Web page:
When my youngest daughter began kindergarten a year early, she was a petite figure among giants in her class. After several weeks, she told me that one of the girls in her class was teasing her about her size. I figured it was a one-time occurrence and that would be the end. It wasn’t.
The next day she complained again and asked if I could do something about it and make it stop. It was obviously bothering her and it bothered me that another child was making her feel bad about herself. I thought about my options: go to the teacher, go to the parent of the child, empower my child to handle the situation. I thought the empowerment option was the best and that if it didn’t work, I would try the other options as a back up.
First thing I did was to talk with her about her feelings. I explained that it was not fair for someone to tease her about her size just like it was not fair to tease someone about the color of their skin. (Her class had students of several nationalities in it.)
I acknowledged that the bully was right about her size but told her it was okay. Now I needed something to counter that. I said, “Yes, you are small in a class that has extra tall kids but I know for sure that you have a big heart.” Now she could associate the word “big” with herself.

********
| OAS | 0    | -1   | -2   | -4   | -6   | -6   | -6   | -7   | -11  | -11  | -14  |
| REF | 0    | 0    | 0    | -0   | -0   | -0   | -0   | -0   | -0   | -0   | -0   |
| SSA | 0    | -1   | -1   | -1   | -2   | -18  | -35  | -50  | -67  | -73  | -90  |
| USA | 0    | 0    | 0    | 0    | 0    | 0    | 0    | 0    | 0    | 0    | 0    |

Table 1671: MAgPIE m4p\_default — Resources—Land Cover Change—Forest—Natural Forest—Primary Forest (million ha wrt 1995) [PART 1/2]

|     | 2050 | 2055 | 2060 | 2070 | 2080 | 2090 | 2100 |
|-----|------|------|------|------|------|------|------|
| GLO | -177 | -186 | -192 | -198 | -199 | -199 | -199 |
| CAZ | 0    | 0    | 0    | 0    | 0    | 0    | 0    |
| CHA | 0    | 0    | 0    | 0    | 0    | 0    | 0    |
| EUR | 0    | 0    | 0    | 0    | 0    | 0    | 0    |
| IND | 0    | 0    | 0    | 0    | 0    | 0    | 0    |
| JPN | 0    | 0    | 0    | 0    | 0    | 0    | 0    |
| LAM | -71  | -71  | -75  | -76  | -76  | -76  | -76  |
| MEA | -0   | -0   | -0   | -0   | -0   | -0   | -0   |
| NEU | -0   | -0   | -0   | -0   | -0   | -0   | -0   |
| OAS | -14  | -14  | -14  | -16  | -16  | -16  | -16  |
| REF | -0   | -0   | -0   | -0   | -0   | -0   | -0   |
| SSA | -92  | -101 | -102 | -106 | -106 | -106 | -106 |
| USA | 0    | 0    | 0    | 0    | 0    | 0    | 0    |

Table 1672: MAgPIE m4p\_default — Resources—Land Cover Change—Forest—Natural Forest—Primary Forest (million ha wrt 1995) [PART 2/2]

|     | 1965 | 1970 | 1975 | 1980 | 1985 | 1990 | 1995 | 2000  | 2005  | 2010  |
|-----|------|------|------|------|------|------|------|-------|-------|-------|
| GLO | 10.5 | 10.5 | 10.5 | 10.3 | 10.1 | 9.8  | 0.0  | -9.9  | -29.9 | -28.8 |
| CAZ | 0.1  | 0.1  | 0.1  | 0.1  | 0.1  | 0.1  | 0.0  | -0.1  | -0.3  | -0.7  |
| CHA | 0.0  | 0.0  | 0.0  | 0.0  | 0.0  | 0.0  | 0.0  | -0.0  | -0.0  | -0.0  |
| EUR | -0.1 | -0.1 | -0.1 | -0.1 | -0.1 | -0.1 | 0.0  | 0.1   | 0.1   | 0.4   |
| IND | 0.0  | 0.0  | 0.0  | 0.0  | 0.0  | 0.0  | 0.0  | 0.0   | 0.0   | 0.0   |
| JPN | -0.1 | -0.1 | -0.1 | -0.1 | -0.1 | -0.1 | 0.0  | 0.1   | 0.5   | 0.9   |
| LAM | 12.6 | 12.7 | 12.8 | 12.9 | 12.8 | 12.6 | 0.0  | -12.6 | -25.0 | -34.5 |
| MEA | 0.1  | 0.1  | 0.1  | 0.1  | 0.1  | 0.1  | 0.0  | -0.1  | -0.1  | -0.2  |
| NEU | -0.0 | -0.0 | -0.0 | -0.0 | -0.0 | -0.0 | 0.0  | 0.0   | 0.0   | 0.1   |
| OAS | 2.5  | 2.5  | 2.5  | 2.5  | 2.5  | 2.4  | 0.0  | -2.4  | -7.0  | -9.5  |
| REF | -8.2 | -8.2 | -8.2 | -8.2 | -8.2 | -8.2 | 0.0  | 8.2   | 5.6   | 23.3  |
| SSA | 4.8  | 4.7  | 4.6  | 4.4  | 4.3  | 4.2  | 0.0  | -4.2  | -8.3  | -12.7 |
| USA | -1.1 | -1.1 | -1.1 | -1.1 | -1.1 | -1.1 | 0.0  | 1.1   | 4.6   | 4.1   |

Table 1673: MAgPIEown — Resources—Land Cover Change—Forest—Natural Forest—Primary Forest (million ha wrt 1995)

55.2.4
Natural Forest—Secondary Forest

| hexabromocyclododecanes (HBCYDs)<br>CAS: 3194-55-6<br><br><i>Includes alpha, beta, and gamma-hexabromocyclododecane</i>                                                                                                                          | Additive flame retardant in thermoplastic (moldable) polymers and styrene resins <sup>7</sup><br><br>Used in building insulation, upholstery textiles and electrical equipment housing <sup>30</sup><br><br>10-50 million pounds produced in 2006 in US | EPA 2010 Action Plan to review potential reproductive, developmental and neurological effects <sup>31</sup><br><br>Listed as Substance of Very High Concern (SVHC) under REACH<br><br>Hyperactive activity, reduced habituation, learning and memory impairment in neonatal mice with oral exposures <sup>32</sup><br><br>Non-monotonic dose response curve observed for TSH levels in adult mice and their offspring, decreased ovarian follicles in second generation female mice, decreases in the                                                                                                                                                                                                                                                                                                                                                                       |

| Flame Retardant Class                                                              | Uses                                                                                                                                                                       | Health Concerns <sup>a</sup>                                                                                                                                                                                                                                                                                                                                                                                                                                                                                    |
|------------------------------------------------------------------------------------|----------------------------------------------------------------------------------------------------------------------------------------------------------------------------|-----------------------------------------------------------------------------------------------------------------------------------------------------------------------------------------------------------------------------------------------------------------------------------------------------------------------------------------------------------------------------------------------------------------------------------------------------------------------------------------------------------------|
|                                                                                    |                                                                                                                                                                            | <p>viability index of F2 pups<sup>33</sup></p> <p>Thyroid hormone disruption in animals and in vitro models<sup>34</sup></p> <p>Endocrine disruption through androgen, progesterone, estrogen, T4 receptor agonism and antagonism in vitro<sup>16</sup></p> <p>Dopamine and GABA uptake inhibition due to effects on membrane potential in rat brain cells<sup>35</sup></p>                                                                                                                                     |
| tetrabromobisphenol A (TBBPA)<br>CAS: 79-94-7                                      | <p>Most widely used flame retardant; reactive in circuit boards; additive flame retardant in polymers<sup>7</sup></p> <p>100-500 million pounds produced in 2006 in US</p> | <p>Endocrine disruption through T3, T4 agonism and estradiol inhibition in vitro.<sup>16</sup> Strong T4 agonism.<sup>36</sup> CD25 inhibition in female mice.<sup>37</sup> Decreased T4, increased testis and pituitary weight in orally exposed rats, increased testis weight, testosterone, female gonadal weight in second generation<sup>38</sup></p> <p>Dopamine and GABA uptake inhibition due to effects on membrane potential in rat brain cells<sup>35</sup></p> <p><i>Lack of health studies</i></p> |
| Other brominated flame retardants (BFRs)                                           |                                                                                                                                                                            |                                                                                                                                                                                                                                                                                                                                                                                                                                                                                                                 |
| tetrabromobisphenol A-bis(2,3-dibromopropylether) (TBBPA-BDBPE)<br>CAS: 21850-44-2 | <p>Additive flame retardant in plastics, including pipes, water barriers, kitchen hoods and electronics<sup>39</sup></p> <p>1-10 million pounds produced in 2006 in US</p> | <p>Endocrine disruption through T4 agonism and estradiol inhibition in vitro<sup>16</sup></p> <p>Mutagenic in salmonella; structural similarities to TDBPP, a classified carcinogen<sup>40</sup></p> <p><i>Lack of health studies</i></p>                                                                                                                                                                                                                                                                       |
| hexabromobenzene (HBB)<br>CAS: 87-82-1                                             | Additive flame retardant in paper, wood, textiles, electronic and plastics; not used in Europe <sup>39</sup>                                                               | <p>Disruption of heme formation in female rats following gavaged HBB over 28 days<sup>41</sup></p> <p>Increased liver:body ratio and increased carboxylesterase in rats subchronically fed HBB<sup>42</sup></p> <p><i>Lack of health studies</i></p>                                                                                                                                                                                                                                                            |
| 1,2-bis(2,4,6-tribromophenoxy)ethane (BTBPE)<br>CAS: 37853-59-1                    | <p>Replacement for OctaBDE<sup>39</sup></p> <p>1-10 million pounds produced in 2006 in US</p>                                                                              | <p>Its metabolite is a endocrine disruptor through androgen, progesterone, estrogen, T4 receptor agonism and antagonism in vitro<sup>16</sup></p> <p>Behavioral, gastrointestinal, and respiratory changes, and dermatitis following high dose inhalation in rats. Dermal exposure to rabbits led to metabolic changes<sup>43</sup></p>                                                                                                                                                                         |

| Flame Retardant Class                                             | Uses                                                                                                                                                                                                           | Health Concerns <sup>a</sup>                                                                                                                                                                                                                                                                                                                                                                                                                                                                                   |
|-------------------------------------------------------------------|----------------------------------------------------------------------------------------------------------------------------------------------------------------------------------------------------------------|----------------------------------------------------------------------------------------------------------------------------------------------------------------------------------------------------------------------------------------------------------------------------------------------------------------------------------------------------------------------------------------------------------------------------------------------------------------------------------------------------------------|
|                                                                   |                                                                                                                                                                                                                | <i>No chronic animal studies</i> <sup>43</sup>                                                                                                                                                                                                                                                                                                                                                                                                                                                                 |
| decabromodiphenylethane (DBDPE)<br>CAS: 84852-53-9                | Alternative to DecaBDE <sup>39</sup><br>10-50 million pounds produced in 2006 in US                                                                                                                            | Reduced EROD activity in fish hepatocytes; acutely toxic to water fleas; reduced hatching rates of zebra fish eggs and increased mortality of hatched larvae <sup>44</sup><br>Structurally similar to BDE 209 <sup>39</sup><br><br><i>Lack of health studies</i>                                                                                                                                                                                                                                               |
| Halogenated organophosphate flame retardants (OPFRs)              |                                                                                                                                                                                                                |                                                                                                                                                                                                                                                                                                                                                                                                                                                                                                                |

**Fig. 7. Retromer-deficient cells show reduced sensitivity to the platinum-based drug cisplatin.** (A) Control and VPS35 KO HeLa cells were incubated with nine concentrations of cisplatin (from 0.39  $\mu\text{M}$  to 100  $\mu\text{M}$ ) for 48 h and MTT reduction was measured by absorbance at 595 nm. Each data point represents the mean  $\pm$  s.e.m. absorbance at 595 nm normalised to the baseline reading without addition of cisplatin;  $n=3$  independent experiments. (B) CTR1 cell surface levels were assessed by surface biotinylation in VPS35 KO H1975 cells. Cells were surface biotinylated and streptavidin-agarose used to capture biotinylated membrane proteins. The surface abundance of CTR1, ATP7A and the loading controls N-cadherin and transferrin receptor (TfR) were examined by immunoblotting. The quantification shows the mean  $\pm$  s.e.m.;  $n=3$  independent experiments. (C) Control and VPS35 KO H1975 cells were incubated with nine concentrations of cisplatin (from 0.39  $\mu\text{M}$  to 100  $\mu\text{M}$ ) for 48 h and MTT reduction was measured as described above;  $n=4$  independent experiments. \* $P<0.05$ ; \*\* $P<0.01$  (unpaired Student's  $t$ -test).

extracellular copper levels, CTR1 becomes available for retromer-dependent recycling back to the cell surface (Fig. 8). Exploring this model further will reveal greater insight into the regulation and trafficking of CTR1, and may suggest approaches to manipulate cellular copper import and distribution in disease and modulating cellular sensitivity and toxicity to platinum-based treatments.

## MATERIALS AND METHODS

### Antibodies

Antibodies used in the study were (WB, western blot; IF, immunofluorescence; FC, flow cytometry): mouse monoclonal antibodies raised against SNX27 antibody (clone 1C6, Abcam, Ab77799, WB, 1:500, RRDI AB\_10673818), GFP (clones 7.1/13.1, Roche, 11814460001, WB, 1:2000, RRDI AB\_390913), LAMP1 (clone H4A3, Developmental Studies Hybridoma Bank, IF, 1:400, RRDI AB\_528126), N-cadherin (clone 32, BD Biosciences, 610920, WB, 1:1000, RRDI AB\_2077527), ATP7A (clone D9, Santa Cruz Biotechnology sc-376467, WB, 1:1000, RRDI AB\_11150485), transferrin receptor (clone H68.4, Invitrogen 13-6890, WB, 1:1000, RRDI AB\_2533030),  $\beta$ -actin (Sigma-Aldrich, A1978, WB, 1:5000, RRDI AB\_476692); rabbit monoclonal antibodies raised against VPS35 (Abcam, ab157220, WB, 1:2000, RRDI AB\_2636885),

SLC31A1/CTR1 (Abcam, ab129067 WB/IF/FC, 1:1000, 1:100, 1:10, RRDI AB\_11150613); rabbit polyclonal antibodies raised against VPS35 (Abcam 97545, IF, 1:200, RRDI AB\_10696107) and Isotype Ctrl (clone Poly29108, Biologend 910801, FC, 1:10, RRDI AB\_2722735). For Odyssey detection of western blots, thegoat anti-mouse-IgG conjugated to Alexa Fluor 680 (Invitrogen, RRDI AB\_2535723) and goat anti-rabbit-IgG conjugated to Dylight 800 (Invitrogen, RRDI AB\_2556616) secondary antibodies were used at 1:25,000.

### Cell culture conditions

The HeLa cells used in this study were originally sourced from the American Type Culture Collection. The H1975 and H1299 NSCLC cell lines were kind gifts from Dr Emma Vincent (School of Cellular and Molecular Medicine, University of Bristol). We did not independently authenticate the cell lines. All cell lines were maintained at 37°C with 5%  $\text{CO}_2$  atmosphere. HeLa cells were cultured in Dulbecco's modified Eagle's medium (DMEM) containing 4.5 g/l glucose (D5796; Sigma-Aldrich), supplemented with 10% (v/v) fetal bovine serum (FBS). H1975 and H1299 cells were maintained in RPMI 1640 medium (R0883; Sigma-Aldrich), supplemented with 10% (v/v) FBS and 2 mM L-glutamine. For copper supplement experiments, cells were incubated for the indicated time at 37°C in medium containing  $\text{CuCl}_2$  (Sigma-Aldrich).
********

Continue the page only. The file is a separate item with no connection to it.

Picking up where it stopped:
Then I gave her a response for the next time the girl teased her. “Yes, you’re right. I’m small but I have a big heart.” This was a win-win situation. The bully was told she was right but the victim responded with the word “big” in a way that couldn’t be argued.
For the next half hour, we practiced the response. I had my daughter go to the end of the hall and practice speaking in a “big” assertive voice. My daughter was empowered with a way to deal with an unpleasant situation.
I was prepared to bring in the adults to solve the problem but, as it turned out, the other options were unnecessary.